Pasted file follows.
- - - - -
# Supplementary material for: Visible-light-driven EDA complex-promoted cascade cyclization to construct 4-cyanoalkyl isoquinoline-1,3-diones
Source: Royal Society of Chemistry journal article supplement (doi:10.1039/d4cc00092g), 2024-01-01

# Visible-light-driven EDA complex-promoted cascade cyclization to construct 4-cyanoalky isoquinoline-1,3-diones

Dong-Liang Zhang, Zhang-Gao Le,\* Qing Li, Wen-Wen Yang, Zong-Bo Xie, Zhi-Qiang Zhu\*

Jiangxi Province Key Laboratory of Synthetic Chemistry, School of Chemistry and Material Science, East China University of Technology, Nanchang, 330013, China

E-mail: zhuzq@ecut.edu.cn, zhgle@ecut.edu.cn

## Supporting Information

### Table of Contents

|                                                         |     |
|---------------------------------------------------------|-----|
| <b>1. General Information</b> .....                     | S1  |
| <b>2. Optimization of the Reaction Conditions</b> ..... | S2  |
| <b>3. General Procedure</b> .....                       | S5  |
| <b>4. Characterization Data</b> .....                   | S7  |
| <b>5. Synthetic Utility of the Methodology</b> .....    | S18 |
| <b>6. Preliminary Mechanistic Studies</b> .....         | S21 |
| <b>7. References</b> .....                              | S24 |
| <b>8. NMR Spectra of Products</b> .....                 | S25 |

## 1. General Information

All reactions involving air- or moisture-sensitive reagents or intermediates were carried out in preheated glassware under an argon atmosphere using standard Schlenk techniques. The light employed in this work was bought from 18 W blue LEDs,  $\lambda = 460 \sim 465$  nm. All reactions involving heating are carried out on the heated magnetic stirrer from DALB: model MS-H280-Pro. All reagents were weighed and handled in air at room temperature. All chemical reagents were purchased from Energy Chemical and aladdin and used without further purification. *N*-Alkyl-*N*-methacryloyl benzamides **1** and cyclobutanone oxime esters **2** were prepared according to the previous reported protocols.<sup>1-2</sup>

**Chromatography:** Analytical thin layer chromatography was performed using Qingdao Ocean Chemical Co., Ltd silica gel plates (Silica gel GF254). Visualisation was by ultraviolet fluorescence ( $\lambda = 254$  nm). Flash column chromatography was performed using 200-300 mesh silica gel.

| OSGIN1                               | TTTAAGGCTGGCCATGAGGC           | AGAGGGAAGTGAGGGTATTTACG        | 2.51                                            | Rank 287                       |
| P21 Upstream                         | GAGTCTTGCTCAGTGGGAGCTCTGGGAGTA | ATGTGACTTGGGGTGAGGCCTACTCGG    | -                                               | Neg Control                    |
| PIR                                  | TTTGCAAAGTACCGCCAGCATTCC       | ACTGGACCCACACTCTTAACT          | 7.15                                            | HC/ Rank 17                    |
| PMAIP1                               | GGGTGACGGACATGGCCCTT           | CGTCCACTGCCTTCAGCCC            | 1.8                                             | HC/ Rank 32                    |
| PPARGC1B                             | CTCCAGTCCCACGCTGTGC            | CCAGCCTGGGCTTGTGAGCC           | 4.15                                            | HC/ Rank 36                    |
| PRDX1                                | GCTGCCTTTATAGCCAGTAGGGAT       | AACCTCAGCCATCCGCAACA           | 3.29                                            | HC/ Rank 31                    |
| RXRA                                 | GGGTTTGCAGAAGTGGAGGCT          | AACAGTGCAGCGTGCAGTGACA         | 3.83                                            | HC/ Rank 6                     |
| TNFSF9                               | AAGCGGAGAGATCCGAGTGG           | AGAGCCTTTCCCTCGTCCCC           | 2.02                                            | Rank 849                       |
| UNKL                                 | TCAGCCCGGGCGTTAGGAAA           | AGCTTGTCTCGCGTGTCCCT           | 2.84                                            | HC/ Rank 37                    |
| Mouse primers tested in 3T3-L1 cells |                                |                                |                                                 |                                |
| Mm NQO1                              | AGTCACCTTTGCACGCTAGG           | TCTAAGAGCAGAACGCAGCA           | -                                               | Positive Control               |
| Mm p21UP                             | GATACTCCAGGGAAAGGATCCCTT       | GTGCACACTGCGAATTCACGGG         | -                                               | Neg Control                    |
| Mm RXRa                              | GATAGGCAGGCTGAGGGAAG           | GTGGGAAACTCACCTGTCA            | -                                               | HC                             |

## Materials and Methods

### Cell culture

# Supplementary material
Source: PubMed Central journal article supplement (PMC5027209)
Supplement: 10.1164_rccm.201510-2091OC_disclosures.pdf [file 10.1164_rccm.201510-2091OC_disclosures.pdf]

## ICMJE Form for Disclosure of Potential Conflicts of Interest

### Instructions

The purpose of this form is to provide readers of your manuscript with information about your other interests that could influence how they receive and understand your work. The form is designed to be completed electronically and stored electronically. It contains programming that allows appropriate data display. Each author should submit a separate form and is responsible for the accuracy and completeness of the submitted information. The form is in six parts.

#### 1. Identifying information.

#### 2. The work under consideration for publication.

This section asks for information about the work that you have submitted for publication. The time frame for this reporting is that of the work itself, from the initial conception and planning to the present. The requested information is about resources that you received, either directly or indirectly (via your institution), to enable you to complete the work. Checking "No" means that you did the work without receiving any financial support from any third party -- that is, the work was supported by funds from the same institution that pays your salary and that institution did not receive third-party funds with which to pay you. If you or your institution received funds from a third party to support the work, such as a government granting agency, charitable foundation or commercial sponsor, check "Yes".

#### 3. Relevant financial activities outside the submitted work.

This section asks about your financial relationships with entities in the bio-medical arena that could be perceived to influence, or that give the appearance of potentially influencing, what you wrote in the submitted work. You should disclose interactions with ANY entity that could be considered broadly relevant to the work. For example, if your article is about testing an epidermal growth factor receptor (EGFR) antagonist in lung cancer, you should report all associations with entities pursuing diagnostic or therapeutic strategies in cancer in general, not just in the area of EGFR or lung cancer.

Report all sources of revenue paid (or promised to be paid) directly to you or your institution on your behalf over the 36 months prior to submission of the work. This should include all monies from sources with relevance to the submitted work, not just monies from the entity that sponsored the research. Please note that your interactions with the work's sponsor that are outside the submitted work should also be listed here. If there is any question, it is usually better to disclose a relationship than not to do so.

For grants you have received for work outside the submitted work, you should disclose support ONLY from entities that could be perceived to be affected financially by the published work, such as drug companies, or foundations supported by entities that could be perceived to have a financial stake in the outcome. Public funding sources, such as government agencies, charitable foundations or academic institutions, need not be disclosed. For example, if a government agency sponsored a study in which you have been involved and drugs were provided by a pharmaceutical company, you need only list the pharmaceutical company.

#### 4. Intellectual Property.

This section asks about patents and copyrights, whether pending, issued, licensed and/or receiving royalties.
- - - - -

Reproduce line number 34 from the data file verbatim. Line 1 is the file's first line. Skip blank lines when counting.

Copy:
| Mm RXRa                              | GATAGGCAGGCTGAGGGAAG           | GTGGGAAACTCACCTGTCA            | -                                               | HC                             |